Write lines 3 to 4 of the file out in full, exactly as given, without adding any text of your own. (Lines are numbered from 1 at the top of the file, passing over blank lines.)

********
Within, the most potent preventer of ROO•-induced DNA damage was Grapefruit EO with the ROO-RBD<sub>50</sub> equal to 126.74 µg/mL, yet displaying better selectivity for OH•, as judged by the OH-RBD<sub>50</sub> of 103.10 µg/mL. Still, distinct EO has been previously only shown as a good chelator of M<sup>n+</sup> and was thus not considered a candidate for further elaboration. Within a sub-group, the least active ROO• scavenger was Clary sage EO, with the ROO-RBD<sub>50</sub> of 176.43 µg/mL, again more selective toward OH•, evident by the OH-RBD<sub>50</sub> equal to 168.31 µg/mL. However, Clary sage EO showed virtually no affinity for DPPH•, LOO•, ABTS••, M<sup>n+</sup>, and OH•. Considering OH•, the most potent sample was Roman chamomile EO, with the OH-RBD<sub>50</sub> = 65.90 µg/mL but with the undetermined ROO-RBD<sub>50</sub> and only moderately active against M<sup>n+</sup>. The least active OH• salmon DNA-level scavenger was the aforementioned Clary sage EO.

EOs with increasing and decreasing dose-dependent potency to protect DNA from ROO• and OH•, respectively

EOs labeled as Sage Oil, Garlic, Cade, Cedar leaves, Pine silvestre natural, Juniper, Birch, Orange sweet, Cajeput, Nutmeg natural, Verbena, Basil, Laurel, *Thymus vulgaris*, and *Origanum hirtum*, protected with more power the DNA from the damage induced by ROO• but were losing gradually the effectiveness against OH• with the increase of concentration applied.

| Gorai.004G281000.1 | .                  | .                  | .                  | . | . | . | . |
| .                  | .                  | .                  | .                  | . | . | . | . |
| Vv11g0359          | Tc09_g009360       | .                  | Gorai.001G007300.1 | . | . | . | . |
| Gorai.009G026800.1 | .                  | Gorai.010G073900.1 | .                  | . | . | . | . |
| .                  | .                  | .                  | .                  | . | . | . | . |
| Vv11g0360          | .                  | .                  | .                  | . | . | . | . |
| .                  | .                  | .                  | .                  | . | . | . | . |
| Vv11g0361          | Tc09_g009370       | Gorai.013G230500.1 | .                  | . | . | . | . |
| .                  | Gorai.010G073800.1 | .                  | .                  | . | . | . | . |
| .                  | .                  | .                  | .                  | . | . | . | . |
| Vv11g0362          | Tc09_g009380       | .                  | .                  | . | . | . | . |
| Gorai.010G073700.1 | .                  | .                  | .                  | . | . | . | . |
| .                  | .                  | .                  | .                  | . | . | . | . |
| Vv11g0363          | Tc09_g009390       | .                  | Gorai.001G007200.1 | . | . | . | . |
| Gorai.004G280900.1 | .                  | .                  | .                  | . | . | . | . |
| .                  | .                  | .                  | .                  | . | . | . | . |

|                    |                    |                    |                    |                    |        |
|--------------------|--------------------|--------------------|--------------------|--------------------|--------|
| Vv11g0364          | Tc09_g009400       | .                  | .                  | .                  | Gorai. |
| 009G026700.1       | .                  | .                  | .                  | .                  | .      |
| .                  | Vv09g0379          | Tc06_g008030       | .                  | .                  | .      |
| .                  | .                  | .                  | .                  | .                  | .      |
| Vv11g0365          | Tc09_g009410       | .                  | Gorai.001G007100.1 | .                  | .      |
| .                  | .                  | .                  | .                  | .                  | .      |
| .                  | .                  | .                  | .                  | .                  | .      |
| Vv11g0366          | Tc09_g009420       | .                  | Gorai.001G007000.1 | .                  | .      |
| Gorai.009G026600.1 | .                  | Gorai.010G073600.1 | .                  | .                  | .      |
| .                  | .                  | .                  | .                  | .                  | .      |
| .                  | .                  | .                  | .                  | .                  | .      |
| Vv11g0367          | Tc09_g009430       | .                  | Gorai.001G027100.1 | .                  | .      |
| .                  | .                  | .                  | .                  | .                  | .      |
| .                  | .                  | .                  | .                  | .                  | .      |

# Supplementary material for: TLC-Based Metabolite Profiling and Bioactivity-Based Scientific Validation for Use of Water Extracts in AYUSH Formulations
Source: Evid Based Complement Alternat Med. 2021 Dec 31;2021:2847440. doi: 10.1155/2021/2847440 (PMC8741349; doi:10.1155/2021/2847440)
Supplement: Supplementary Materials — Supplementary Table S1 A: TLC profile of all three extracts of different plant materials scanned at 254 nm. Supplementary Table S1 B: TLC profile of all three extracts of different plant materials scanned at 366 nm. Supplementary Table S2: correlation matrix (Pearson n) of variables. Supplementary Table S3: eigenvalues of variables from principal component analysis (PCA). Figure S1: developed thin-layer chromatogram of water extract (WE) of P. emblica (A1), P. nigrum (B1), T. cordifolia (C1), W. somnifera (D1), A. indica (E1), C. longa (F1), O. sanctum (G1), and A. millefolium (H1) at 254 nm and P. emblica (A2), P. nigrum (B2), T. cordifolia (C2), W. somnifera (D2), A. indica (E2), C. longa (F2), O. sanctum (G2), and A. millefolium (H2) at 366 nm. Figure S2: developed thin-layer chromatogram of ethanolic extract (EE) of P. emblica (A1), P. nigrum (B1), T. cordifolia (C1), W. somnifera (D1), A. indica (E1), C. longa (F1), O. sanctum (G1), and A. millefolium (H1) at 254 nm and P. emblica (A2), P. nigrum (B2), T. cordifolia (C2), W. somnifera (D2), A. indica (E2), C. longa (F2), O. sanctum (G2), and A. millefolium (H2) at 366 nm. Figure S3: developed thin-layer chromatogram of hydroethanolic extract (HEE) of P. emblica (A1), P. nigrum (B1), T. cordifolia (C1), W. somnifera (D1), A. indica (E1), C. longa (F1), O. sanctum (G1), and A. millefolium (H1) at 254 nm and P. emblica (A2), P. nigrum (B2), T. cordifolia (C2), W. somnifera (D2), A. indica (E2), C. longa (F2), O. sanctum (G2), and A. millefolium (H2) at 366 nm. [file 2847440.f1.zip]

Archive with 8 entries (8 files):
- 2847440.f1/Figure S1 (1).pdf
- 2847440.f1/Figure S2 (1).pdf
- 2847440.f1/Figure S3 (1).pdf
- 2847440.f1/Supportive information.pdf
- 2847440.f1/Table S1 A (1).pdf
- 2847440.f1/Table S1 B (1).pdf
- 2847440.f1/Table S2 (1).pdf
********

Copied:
EOs labeled as Sage Oil, Garlic, Cade, Cedar leaves, Pine silvestre natural, Juniper, Birch, Orange sweet, Cajeput, Nutmeg natural, Verbena, Basil, Laurel, *Thymus vulgaris*, and *Origanum hirtum*, protected with more power the DNA from the damage induced by ROO• but were losing gradually the effectiveness against OH• with the increase of concentration applied.

| Gorai.004G281000.1 | .                  | .                  | .                  | . | . | . | . |